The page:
Who passed you or came near you during the time you observed what passed? - I did not observe any body, nor any body to come to look into the court: I had the curtain in my hand.
Who was standing by the curtain? - Mr. Peatt, and I the outside of him.
Were there not persons looking on the outside of the curtain as well as himself? - No; there could not; I did not see any body; they could not peep in: they could not look without my feeling it.
Any body trying to come in would of course have pushed you? - Then of course I should have looked.
That is not the way to answer? - I felt no push.
Was not Mackenzie at the time you felt the push coming in? - I felt some sort of tickling at the bottom of my belly.
Would not his trying to come into court have given you that same sort of sensation? - No; it would not: my arm was up: the waistband of my breeches was extended: Mackenzie was on my side; I was nearest to the hall: nobody could come behind me and the curtain all before me: my back was out of the door: I stood fronting the door.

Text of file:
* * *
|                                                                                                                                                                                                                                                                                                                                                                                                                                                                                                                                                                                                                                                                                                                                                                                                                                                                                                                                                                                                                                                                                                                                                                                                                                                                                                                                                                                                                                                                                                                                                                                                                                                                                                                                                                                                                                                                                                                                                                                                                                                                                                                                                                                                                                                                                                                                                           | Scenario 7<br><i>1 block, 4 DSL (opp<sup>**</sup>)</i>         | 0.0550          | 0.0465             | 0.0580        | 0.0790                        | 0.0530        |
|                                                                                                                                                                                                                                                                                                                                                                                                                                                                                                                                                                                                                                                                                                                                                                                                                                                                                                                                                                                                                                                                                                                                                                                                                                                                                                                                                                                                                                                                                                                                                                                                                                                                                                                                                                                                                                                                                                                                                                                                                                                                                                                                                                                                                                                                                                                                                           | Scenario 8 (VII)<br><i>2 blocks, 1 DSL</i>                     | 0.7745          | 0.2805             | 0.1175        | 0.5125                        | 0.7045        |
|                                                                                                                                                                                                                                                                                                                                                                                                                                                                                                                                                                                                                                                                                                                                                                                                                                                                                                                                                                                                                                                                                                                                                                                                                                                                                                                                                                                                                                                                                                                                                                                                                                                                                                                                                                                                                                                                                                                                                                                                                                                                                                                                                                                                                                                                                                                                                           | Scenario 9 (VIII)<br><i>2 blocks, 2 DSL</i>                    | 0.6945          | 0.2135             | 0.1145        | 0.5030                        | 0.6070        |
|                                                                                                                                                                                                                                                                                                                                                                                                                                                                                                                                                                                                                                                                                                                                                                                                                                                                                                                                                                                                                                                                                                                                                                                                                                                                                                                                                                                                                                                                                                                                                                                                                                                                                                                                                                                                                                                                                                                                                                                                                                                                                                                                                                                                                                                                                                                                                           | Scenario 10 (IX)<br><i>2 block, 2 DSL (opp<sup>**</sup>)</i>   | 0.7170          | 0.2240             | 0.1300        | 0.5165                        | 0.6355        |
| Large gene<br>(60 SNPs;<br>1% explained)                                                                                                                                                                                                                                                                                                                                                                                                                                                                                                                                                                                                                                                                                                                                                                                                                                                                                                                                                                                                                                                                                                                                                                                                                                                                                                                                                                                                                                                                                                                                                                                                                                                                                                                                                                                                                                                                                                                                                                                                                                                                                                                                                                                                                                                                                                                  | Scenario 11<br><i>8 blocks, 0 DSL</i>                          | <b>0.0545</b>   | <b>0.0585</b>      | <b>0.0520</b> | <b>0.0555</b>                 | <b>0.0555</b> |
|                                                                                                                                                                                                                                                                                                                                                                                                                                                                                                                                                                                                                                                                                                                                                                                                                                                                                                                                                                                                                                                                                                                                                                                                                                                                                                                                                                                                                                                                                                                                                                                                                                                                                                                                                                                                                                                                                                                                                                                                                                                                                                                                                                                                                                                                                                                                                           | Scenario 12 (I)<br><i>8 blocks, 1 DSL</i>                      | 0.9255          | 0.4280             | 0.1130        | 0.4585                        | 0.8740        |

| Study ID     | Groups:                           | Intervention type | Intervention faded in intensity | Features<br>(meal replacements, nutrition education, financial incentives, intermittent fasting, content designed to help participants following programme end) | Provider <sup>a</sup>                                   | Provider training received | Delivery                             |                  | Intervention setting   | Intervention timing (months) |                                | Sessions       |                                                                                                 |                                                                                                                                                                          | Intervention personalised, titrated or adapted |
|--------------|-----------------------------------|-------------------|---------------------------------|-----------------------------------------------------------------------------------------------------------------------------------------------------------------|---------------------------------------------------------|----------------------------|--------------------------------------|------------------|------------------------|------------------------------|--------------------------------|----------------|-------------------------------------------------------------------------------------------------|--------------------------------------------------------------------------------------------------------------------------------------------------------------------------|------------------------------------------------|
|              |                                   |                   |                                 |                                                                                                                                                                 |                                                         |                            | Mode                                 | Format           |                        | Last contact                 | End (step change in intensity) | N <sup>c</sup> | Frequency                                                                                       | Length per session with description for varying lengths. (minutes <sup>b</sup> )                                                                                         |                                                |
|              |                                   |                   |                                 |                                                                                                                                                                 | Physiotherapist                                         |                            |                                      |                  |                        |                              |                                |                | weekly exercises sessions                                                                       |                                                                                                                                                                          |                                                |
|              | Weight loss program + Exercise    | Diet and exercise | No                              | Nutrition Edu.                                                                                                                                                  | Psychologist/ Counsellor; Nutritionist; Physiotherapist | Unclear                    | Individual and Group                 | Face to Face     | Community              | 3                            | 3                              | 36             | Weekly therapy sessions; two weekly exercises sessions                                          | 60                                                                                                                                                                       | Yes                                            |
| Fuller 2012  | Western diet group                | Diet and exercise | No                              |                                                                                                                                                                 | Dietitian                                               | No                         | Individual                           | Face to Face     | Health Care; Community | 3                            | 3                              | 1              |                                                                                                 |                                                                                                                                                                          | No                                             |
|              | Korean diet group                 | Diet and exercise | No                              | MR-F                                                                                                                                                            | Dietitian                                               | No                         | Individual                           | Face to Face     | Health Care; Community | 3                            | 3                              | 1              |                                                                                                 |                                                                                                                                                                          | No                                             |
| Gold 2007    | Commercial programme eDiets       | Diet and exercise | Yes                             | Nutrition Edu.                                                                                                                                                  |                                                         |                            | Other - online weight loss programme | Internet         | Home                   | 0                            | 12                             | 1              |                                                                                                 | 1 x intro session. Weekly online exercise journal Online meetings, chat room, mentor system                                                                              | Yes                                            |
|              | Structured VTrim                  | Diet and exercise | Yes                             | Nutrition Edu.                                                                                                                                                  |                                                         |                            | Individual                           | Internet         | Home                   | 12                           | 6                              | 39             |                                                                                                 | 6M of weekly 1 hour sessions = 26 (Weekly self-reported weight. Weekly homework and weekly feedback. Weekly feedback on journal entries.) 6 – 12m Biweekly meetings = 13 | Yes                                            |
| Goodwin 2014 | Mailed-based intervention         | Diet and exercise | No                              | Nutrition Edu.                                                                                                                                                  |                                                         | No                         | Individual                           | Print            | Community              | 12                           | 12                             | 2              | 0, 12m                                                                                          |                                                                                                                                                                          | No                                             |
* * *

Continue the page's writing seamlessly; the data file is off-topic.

With the curtain in your left hand, and he came to your right hand? - I cannot answer you any other, was I to stand here eight and forty hours.
You are not new to this court; you have attended here very often: give me a plain answer; first of all, was his hand under your pocket? was it as my hand is now? - I caught his arm close to my side; his left hand next to my side.
Was the hand under your waistcoat? - Yes; it was; the hand was not clear off my hip bone.
Mackenzie made no answer about having your watch, as Gilberthorpe did? - He did not. I will not swear from whom the seals fell; but if I was inclined to swear, I should swear that they came from Gilberthorpe, because he kept fumbling: Mackenzie had only one hand at liberty; if he had any thing he could not have got rid of it only with one hand: I heard the seals fall.
How long have you had that string? - About five months; I cannot see that it was cut at all.
Jury. Could not you find that it was cut? - No.